The Torah of Dog Food

Image: Linda holding Princess, the poodle. (Photo: Ruth Adar)

My wife and I have three aging toy poodles. They all came from Poodle Rescue, and we have had almost ten happy years with them. Now we’re all getting older together: Linda and I are 70 and 64, and the poodles are 14, 15, and somewhere past 20. Their names are Jojo, Princess, and Gabi; we call them our Jewdles.

Princess is having the hardest time with aging. She’s Exhibit A for “Why Puppy Mills are Bad” – she has every kind of deformity or ailment associated with toy poodle inbreeding. She’s an affectionate little bundle of fluff, and when she stopped eating last year, we were distraught. She didn’t have extra weight to lose, and soon she was nothing but fluff and bones.

The vet looked at her sadly, and suggested that maybe if we offered her a bit of chicken and rice, it would tempt her. Sure enough, when I gave it to her, she showed the first interest in weeks. Apparently “people food” was the ticket. I got instructions from our vet, plus a cookbook by a vet in Hawaii, and went to work. Since the food I prepared started out with chicken as the protein, we called it “chickie.”

It was wonderful seeing Princess return to life. She gobbles chickie as fast as she can (not very fast, since she’s missing a lot of teeth.) But we were amazed at the changes in the other dogs, as well. Gabi (age 20+) had never seemed to care about food – until chickie. Now she is a chow hound, and her coat has returned to its original silky beauty. Jojo has always been a chow hound, but she’s looking good, too.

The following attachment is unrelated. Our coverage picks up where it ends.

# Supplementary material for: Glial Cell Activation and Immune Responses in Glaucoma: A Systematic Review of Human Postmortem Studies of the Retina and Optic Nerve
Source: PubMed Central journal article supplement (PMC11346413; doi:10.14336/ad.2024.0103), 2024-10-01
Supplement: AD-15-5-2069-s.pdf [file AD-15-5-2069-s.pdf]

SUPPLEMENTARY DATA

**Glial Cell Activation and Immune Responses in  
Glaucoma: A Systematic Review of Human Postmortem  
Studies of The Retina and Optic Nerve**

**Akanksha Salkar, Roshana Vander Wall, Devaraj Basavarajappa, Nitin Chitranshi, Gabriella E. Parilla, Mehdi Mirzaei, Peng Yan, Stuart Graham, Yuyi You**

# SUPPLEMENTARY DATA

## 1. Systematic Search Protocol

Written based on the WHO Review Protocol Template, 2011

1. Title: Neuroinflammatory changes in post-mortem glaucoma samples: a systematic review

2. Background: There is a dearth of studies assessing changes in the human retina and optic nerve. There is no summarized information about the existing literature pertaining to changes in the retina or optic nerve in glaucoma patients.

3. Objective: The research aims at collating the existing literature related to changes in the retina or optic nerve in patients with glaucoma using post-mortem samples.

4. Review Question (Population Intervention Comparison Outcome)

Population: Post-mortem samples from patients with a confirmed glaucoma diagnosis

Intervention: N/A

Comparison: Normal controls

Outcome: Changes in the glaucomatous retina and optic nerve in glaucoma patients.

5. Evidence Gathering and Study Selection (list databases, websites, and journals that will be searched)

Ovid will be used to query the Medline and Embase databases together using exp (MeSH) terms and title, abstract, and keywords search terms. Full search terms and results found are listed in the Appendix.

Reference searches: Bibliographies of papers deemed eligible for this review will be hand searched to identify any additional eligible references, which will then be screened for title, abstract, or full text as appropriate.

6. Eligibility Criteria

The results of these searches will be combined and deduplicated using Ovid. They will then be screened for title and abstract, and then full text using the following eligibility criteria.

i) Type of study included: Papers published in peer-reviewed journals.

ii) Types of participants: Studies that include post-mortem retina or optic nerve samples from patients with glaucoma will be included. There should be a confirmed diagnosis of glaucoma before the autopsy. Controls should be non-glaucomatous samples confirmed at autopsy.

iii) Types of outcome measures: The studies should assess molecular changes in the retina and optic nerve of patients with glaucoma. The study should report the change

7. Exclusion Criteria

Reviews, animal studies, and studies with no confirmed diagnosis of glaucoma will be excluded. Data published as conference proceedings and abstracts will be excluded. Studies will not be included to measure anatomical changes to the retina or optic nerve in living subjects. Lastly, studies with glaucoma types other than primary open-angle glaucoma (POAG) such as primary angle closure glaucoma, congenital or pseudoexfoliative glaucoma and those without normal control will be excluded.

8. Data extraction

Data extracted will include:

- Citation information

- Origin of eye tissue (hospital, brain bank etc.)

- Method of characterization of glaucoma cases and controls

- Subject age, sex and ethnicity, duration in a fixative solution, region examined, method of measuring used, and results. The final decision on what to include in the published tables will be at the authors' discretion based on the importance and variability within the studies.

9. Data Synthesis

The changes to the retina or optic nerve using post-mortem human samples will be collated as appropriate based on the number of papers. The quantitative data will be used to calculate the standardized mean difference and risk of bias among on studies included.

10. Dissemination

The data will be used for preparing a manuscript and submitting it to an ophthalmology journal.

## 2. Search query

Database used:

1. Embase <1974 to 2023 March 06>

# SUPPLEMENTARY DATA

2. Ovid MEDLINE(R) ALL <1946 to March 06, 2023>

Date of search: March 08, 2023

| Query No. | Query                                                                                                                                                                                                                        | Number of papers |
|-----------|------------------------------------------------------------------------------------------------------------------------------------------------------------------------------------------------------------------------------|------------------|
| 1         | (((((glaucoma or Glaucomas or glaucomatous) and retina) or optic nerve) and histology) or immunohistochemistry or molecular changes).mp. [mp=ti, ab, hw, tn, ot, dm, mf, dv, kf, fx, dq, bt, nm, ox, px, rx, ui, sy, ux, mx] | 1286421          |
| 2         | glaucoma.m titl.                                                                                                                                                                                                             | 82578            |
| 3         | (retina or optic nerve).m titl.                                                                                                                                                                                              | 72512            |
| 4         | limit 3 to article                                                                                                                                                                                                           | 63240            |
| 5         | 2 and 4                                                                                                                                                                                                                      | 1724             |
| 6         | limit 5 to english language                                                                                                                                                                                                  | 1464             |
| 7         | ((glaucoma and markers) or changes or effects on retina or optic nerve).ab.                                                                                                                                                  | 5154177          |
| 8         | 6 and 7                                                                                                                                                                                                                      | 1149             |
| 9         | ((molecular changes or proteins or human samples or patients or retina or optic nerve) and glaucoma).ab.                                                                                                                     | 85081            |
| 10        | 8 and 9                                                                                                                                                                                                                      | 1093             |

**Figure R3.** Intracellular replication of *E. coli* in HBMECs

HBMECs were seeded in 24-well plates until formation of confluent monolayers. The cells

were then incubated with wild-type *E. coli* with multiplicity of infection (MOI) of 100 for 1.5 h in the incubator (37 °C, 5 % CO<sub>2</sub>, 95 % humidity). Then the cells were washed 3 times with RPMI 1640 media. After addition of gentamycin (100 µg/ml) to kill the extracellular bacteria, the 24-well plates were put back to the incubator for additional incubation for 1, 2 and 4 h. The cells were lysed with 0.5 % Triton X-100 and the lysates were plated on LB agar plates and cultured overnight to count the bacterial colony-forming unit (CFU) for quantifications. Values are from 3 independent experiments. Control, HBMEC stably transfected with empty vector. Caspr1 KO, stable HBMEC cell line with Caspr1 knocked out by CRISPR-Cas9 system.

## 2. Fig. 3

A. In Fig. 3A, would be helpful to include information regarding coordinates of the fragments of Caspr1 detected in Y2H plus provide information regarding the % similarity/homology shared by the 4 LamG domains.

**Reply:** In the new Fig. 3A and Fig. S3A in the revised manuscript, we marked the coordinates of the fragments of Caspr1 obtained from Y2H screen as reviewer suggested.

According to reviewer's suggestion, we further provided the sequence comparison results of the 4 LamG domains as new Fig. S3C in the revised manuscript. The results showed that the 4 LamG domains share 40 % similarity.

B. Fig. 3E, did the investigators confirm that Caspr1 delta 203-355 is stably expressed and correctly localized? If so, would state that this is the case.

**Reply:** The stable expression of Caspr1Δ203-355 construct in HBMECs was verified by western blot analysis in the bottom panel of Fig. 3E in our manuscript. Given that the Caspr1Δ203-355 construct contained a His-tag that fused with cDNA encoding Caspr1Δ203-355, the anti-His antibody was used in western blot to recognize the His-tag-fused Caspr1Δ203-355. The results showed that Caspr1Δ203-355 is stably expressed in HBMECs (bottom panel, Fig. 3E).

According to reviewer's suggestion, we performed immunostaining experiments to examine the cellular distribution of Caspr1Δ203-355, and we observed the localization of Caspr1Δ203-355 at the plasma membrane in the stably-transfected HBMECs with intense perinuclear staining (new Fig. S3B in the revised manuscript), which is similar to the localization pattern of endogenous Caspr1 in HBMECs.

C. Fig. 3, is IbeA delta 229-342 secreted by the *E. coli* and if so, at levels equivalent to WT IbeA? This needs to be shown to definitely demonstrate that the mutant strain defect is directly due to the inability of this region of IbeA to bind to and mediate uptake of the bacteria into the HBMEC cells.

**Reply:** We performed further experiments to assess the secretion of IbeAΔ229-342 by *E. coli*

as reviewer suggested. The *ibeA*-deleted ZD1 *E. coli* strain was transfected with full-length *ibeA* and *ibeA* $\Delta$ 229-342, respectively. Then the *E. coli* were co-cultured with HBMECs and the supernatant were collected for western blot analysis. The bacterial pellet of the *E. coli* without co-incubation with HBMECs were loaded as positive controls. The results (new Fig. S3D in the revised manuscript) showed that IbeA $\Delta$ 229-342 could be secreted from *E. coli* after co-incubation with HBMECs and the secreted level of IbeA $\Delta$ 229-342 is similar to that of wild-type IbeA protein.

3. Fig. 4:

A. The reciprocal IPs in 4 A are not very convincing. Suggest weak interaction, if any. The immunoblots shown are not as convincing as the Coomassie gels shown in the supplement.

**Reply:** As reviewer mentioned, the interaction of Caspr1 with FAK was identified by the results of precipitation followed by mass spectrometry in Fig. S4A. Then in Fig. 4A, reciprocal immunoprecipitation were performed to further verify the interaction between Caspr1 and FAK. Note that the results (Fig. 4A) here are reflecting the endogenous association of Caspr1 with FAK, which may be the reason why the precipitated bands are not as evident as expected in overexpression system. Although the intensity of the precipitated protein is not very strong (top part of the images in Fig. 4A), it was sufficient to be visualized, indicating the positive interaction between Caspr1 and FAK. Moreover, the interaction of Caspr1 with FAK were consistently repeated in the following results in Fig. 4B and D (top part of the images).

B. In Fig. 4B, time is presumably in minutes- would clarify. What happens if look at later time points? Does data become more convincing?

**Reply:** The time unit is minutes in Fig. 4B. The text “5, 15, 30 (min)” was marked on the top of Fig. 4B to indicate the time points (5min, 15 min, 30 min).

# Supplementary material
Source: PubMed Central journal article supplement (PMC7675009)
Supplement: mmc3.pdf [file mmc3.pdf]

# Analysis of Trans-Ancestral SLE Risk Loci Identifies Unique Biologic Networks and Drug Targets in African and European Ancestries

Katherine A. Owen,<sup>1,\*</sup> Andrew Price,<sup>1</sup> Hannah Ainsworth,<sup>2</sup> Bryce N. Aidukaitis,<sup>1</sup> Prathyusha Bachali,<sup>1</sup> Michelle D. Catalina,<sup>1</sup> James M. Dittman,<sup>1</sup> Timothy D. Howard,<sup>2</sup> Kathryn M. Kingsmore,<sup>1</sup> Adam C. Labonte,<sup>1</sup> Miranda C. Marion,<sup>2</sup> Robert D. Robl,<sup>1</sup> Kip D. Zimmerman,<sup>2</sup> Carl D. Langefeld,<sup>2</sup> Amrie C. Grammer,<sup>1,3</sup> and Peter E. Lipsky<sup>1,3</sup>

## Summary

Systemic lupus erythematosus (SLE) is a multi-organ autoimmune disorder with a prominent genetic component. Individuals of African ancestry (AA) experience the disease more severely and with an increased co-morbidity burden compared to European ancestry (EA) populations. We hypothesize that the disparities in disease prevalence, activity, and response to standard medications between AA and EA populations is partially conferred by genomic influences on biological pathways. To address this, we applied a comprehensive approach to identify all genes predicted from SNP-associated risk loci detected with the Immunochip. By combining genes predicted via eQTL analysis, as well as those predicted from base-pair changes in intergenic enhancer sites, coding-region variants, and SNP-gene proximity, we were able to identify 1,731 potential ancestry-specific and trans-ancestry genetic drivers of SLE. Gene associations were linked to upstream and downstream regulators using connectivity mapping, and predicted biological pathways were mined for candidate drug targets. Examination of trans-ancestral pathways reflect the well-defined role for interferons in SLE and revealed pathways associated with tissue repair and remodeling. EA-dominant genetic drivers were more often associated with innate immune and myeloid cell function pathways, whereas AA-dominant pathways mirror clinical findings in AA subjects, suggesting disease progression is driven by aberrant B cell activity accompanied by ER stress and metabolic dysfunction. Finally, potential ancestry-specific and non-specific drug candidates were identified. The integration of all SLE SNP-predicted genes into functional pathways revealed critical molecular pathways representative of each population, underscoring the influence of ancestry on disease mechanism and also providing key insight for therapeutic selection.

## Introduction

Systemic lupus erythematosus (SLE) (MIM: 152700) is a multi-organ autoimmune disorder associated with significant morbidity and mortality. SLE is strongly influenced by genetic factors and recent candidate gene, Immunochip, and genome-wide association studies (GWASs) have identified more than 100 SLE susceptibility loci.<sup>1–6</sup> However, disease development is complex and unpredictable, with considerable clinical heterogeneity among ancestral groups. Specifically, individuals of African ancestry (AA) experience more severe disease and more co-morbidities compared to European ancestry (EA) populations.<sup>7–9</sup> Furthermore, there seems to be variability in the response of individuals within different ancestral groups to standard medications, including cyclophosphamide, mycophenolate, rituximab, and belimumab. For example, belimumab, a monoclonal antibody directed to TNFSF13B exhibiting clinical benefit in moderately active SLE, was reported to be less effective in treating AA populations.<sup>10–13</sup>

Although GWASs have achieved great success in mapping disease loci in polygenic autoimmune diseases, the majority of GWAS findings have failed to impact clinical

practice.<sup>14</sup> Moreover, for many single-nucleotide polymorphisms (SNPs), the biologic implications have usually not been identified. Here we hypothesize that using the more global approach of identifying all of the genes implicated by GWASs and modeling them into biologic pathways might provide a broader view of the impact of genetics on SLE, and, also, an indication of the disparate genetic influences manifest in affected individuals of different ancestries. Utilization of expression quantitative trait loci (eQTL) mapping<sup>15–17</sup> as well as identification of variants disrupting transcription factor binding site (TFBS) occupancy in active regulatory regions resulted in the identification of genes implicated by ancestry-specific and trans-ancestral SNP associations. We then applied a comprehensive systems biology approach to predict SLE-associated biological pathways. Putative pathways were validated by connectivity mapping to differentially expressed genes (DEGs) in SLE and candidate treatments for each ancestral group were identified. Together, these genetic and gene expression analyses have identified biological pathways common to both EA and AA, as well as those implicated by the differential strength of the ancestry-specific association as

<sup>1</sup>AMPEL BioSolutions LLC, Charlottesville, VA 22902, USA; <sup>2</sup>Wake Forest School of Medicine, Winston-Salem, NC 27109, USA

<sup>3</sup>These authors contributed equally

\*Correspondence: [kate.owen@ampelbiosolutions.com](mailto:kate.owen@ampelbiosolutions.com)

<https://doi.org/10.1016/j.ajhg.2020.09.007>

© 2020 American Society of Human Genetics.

It has made me wonder what was really in the expensive commercial dog food we used to give them.

I’m committed to chickie-making now; there’s fresh in the fridge and frozen in the freezer. I make a couple of batches a week. As I said, it’s my new hobby. I thought that I’d write it up and add it to the blog, in case someone out there in Internet-land has an old dog that has quit eating.

The master recipe is simple:

  • 1/3 protein, usually meat or leftover meat.
  • If the meat is extremely lean, I add a bit of olive oil.
  • 1/3 pureed vegetables and fruit
  • 1/3 whole grain (brown rice, oats, or quinoa)
  • Plus enough water to cook that amount of grain.
  • A bit of sea salt, for the minerals. (The vet’s recommendation.)

I make chickie in an Instant Pot or a dutch oven in my oven. Cook the meat, add salt and olive oil, add the veggies, grain, water, and cook. In a pressure cooker, I cook it for 1 hour. Otherwise, I cooked it on low overnight in a Dutch oven in the oven.

For protein I’ve used turkey, chicken, beef, or eggs. Occasionally I’ll make “cold chickie” which includes some leftover yogurt, cottage cheese, and hardboiled eggs that have been sitting around in the fridge.

Leftovers are also great for the vegetables. I include produce that is past its prime. I puree all of it so that it mixes into the protein and the dogs don’t just pick out their favorites. I’ve thrown in everything from old lettuce to seaweed. If you decide to make chickie, please do check out this list of foods that are bad for dogs – don’t use those!

Grains were easy. I started with the rice, but then got close to the bottom of a box of quinoa, and thought, why not? They loved it. Same with oats. I buy the grains in bulk now, which cuts down on packaging.